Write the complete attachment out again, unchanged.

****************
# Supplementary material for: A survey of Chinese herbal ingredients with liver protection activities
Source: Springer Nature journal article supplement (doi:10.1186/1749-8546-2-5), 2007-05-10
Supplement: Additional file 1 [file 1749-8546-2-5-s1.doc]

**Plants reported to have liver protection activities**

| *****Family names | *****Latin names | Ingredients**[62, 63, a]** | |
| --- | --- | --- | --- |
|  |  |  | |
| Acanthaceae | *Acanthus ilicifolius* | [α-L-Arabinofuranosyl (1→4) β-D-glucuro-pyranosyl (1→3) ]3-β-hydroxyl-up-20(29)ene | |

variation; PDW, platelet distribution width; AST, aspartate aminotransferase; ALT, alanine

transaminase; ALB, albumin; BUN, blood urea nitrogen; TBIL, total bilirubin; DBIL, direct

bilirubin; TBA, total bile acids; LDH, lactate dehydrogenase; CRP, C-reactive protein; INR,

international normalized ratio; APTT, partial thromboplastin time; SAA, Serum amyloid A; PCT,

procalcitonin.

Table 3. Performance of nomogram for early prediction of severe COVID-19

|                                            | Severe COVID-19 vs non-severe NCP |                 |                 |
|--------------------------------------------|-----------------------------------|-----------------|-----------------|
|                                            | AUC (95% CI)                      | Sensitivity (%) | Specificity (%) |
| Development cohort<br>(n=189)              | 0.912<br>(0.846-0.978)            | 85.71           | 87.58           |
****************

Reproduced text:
# Supplementary material for: A survey of Chinese herbal ingredients with liver protection activities
Source: Springer Nature journal article supplement (doi:10.1186/1749-8546-2-5), 2007-05-10
Supplement: Additional file 1 [file 1749-8546-2-5-s1.doc]

**Plants reported to have liver protection activities**

| *****Family names | *****Latin names | Ingredients**[62, 63, a]** | |
| --- | --- | --- | --- |
|  |  |  | |
| Acanthaceae | *Acanthus ilicifolius* | [α-L-Arabinofuranosyl (1→4) β-D-glucuro-pyranosyl (1→3) ]3-β-hydroxyl-up-20(29)ene | |

variation; PDW, platelet distribution width; AST, aspartate aminotransferase; ALT, alanine

transaminase; ALB, albumin; BUN, blood urea nitrogen; TBIL, total bilirubin; DBIL, direct

bilirubin; TBA, total bile acids; LDH, lactate dehydrogenase; CRP, C-reactive protein; INR,

international normalized ratio; APTT, partial thromboplastin time; SAA, Serum amyloid A; PCT,

procalcitonin.

Table 3. Performance of nomogram for early prediction of severe COVID-19

|                                            | Severe COVID-19 vs non-severe NCP |                 |                 |
|--------------------------------------------|-----------------------------------|-----------------|-----------------|
|                                            | AUC (95% CI)                      | Sensitivity (%) | Specificity (%) |
| Development cohort<br>(n=189)              | 0.912<br>(0.846-0.978)            | 85.71           | 87.58           |